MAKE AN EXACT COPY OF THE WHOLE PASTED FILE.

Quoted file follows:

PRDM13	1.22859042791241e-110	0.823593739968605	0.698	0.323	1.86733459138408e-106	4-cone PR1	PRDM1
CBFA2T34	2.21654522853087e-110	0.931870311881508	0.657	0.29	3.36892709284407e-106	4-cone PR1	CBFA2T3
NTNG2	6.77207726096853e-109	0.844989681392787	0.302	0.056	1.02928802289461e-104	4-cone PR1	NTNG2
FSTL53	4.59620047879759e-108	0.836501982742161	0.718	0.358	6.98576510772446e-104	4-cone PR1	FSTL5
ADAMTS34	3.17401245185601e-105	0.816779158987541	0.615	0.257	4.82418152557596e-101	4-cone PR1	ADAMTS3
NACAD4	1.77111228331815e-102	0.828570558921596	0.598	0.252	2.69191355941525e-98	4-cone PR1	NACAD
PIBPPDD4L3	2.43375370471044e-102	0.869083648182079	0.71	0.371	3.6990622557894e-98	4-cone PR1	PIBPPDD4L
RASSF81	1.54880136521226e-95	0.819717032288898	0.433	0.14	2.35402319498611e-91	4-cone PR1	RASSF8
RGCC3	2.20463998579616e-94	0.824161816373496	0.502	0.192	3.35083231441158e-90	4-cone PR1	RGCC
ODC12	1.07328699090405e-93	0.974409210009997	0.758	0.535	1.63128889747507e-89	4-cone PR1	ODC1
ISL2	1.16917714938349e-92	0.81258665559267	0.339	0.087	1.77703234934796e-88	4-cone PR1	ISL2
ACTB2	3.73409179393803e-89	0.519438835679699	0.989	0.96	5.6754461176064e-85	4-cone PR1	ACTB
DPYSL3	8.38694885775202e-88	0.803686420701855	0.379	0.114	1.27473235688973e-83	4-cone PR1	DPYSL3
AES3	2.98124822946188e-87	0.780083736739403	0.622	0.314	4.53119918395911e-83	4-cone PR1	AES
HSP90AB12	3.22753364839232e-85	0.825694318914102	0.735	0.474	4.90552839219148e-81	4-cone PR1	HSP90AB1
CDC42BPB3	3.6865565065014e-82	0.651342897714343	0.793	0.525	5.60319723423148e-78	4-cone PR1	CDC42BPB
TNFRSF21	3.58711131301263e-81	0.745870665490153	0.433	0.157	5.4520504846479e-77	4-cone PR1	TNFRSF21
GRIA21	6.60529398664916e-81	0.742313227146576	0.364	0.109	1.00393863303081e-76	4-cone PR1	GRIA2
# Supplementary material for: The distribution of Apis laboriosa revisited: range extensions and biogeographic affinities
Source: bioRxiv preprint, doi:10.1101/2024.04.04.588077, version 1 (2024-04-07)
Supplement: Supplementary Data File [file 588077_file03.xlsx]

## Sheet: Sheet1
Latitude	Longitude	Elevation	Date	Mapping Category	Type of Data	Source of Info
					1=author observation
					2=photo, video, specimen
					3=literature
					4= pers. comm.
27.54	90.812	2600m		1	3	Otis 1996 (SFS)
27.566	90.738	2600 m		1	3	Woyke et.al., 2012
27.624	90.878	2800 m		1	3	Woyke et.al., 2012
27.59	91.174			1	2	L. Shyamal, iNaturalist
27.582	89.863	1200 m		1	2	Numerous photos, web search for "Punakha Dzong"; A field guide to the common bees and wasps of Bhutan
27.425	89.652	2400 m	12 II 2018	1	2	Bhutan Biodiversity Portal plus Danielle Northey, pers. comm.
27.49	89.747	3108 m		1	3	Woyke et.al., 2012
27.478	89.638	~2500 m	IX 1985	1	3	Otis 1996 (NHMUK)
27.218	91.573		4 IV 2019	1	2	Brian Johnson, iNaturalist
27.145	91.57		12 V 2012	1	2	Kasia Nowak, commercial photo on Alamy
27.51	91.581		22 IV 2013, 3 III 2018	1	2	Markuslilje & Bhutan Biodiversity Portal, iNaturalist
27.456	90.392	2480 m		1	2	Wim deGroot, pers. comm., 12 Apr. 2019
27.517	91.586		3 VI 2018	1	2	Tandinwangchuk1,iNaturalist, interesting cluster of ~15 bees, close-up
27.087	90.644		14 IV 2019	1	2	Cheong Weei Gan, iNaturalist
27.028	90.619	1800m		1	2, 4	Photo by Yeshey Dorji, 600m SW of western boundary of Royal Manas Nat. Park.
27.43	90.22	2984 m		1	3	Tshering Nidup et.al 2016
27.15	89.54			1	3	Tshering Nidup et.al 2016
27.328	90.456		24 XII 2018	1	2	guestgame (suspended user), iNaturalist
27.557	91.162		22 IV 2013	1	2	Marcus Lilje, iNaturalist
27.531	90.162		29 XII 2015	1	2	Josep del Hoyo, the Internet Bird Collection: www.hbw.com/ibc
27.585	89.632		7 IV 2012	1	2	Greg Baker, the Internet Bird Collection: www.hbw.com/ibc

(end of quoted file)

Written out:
PRDM13	1.22859042791241e-110	0.823593739968605	0.698	0.323	1.86733459138408e-106	4-cone PR1	PRDM1
CBFA2T34	2.21654522853087e-110	0.931870311881508	0.657	0.29	3.36892709284407e-106	4-cone PR1	CBFA2T3
NTNG2	6.77207726096853e-109	0.844989681392787	0.302	0.056	1.02928802289461e-104	4-cone PR1	NTNG2
FSTL53	4.59620047879759e-108	0.836501982742161	0.718	0.358	6.98576510772446e-104	4-cone PR1	FSTL5
ADAMTS34	3.17401245185601e-105	0.816779158987541	0.615	0.257	4.82418152557596e-101	4-cone PR1	ADAMTS3
NACAD4	1.77111228331815e-102	0.828570558921596	0.598	0.252	2.69191355941525e-98	4-cone PR1	NACAD
PIBPPDD4L3	2.43375370471044e-102	0.869083648182079	0.71	0.371	3.6990622557894e-98	4-cone PR1	PIBPPDD4L
RASSF81	1.54880136521226e-95	0.819717032288898	0.433	0.14	2.35402319498611e-91	4-cone PR1	RASSF8
RGCC3	2.20463998579616e-94	0.824161816373496	0.502	0.192	3.35083231441158e-90	4-cone PR1	RGCC
ODC12	1.07328699090405e-93	0.974409210009997	0.758	0.535	1.63128889747507e-89	4-cone PR1	ODC1
ISL2	1.16917714938349e-92	0.81258665559267	0.339	0.087	1.77703234934796e-88	4-cone PR1	ISL2
ACTB2	3.73409179393803e-89	0.519438835679699	0.989	0.96	5.6754461176064e-85	4-cone PR1	ACTB
DPYSL3	8.38694885775202e-88	0.803686420701855	0.379	0.114	1.27473235688973e-83	4-cone PR1	DPYSL3
AES3	2.98124822946188e-87	0.780083736739403	0.622	0.314	4.53119918395911e-83	4-cone PR1	AES
HSP90AB12	3.22753364839232e-85	0.825694318914102	0.735	0.474	4.90552839219148e-81	4-cone PR1	HSP90AB1
CDC42BPB3	3.6865565065014e-82	0.651342897714343	0.793	0.525	5.60319723423148e-78	4-cone PR1	CDC42BPB
TNFRSF21	3.58711131301263e-81	0.745870665490153	0.433	0.157	5.4520504846479e-77	4-cone PR1	TNFRSF21
GRIA21	6.60529398664916e-81	0.742313227146576	0.364	0.109	1.00393863303081e-76	4-cone PR1	GRIA2
# Supplementary material for: The distribution of Apis laboriosa revisited: range extensions and biogeographic affinities
Source: bioRxiv preprint, doi:10.1101/2024.04.04.588077, version 1 (2024-04-07)
Supplement: Supplementary Data File [file 588077_file03.xlsx]

## Sheet: Sheet1
Latitude	Longitude	Elevation	Date	Mapping Category	Type of Data	Source of Info
					1=author observation
					2=photo, video, specimen
					3=literature
					4= pers. comm.
27.54	90.812	2600m		1	3	Otis 1996 (SFS)
27.566	90.738	2600 m		1	3	Woyke et.al., 2012
27.624	90.878	2800 m		1	3	Woyke et.al., 2012
27.59	91.174			1	2	L. Shyamal, iNaturalist
27.582	89.863	1200 m		1	2	Numerous photos, web search for "Punakha Dzong"; A field guide to the common bees and wasps of Bhutan
27.425	89.652	2400 m	12 II 2018	1	2	Bhutan Biodiversity Portal plus Danielle Northey, pers. comm.
27.49	89.747	3108 m		1	3	Woyke et.al., 2012
27.478	89.638	~2500 m	IX 1985	1	3	Otis 1996 (NHMUK)
27.218	91.573		4 IV 2019	1	2	Brian Johnson, iNaturalist
27.145	91.57		12 V 2012	1	2	Kasia Nowak, commercial photo on Alamy
27.51	91.581		22 IV 2013, 3 III 2018	1	2	Markuslilje & Bhutan Biodiversity Portal, iNaturalist
27.456	90.392	2480 m		1	2	Wim deGroot, pers. comm., 12 Apr. 2019
27.517	91.586		3 VI 2018	1	2	Tandinwangchuk1,iNaturalist, interesting cluster of ~15 bees, close-up
27.087	90.644		14 IV 2019	1	2	Cheong Weei Gan, iNaturalist
27.028	90.619	1800m		1	2, 4	Photo by Yeshey Dorji, 600m SW of western boundary of Royal Manas Nat. Park.
27.43	90.22	2984 m		1	3	Tshering Nidup et.al 2016
27.15	89.54			1	3	Tshering Nidup et.al 2016
27.328	90.456		24 XII 2018	1	2	guestgame (suspended user), iNaturalist
27.557	91.162		22 IV 2013	1	2	Marcus Lilje, iNaturalist
27.531	90.162		29 XII 2015	1	2	Josep del Hoyo, the Internet Bird Collection: www.hbw.com/ibc
27.585	89.632		7 IV 2012	1	2	Greg Baker, the Internet Bird Collection: www.hbw.com/ibc